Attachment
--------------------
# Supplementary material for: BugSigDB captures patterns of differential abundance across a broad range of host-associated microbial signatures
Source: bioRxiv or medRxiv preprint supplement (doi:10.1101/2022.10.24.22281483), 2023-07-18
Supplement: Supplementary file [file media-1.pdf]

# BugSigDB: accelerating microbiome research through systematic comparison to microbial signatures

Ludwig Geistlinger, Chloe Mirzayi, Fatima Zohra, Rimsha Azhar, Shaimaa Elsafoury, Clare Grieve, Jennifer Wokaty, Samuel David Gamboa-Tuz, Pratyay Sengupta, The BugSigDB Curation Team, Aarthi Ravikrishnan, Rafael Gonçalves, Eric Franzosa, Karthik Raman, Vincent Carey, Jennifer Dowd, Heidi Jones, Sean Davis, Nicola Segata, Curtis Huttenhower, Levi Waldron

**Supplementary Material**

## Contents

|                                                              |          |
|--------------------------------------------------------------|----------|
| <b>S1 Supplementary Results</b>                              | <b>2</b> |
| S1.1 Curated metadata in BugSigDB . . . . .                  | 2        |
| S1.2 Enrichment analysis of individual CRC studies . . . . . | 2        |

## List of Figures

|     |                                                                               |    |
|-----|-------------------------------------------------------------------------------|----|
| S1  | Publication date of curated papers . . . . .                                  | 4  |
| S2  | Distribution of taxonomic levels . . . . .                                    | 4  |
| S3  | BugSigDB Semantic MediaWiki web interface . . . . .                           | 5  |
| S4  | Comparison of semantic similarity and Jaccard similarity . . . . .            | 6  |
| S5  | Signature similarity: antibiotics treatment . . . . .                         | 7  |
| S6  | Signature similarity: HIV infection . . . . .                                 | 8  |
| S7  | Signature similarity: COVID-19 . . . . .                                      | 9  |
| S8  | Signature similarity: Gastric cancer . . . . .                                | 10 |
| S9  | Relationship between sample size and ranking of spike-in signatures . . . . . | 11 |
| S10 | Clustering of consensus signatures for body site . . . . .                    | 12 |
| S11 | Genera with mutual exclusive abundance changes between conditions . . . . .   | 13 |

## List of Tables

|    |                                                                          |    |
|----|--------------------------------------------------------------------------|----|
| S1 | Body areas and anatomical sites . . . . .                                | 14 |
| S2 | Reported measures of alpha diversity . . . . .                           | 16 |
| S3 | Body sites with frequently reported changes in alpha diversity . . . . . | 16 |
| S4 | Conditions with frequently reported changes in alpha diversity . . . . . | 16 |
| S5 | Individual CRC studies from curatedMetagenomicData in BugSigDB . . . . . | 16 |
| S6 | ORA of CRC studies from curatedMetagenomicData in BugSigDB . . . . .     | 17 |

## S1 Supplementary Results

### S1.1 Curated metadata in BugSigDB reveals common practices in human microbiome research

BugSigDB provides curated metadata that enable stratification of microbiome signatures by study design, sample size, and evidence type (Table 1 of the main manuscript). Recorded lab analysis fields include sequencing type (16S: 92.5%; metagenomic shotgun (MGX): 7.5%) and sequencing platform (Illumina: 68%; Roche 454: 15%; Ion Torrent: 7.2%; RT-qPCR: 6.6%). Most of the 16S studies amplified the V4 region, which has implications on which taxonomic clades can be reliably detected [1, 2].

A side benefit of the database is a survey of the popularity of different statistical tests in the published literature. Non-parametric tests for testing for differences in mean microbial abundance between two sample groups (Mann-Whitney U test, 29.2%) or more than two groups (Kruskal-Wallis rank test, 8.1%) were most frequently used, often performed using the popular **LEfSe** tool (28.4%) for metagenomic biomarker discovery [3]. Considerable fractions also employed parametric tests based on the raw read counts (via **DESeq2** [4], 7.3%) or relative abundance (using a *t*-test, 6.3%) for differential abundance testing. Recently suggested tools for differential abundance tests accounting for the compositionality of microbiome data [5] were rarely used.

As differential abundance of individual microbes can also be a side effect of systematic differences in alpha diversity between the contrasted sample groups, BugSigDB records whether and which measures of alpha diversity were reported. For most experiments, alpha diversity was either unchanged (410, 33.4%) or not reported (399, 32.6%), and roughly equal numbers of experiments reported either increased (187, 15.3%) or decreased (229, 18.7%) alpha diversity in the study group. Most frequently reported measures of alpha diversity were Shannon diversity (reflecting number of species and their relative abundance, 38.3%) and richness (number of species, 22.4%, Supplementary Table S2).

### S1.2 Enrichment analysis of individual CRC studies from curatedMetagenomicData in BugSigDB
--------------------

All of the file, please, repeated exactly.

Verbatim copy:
# Supplementary material for: BugSigDB captures patterns of differential abundance across a broad range of host-associated microbial signatures
Source: bioRxiv or medRxiv preprint supplement (doi:10.1101/2022.10.24.22281483), 2023-07-18
Supplement: Supplementary file [file media-1.pdf]

# BugSigDB: accelerating microbiome research through systematic comparison to microbial signatures

Ludwig Geistlinger, Chloe Mirzayi, Fatima Zohra, Rimsha Azhar, Shaimaa Elsafoury, Clare Grieve, Jennifer Wokaty, Samuel David Gamboa-Tuz, Pratyay Sengupta, The BugSigDB Curation Team, Aarthi Ravikrishnan, Rafael Gonçalves, Eric Franzosa, Karthik Raman, Vincent Carey, Jennifer Dowd, Heidi Jones, Sean Davis, Nicola Segata, Curtis Huttenhower, Levi Waldron

**Supplementary Material**

## Contents

|                                                              |          |
|--------------------------------------------------------------|----------|
| <b>S1 Supplementary Results</b>                              | <b>2</b> |
| S1.1 Curated metadata in BugSigDB . . . . .                  | 2        |
| S1.2 Enrichment analysis of individual CRC studies . . . . . | 2        |

## List of Figures

|     |                                                                               |    |
|-----|-------------------------------------------------------------------------------|----|
| S1  | Publication date of curated papers . . . . .                                  | 4  |
| S2  | Distribution of taxonomic levels . . . . .                                    | 4  |
| S3  | BugSigDB Semantic MediaWiki web interface . . . . .                           | 5  |
| S4  | Comparison of semantic similarity and Jaccard similarity . . . . .            | 6  |
| S5  | Signature similarity: antibiotics treatment . . . . .                         | 7  |
| S6  | Signature similarity: HIV infection . . . . .                                 | 8  |
| S7  | Signature similarity: COVID-19 . . . . .                                      | 9  |
| S8  | Signature similarity: Gastric cancer . . . . .                                | 10 |
| S9  | Relationship between sample size and ranking of spike-in signatures . . . . . | 11 |
| S10 | Clustering of consensus signatures for body site . . . . .                    | 12 |
| S11 | Genera with mutual exclusive abundance changes between conditions . . . . .   | 13 |

## List of Tables

|    |                                                                          |    |
|----|--------------------------------------------------------------------------|----|
| S1 | Body areas and anatomical sites . . . . .                                | 14 |
| S2 | Reported measures of alpha diversity . . . . .                           | 16 |
| S3 | Body sites with frequently reported changes in alpha diversity . . . . . | 16 |
| S4 | Conditions with frequently reported changes in alpha diversity . . . . . | 16 |
| S5 | Individual CRC studies from curatedMetagenomicData in BugSigDB . . . . . | 16 |
| S6 | ORA of CRC studies from curatedMetagenomicData in BugSigDB . . . . .     | 17 |

## S1 Supplementary Results

### S1.1 Curated metadata in BugSigDB reveals common practices in human microbiome research

BugSigDB provides curated metadata that enable stratification of microbiome signatures by study design, sample size, and evidence type (Table 1 of the main manuscript). Recorded lab analysis fields include sequencing type (16S: 92.5%; metagenomic shotgun (MGX): 7.5%) and sequencing platform (Illumina: 68%; Roche 454: 15%; Ion Torrent: 7.2%; RT-qPCR: 6.6%). Most of the 16S studies amplified the V4 region, which has implications on which taxonomic clades can be reliably detected [1, 2].

A side benefit of the database is a survey of the popularity of different statistical tests in the published literature. Non-parametric tests for testing for differences in mean microbial abundance between two sample groups (Mann-Whitney U test, 29.2%) or more than two groups (Kruskal-Wallis rank test, 8.1%) were most frequently used, often performed using the popular **LEfSe** tool (28.4%) for metagenomic biomarker discovery [3]. Considerable fractions also employed parametric tests based on the raw read counts (via **DESeq2** [4], 7.3%) or relative abundance (using a *t*-test, 6.3%) for differential abundance testing. Recently suggested tools for differential abundance tests accounting for the compositionality of microbiome data [5] were rarely used.

As differential abundance of individual microbes can also be a side effect of systematic differences in alpha diversity between the contrasted sample groups, BugSigDB records whether and which measures of alpha diversity were reported. For most experiments, alpha diversity was either unchanged (410, 33.4%) or not reported (399, 32.6%), and roughly equal numbers of experiments reported either increased (187, 15.3%) or decreased (229, 18.7%) alpha diversity in the study group. Most frequently reported measures of alpha diversity were Shannon diversity (reflecting number of species and their relative abundance, 38.3%) and richness (number of species, 22.4%, Supplementary Table S2).

### S1.2 Enrichment analysis of individual CRC studies from curatedMetagenomicData in BugSigDB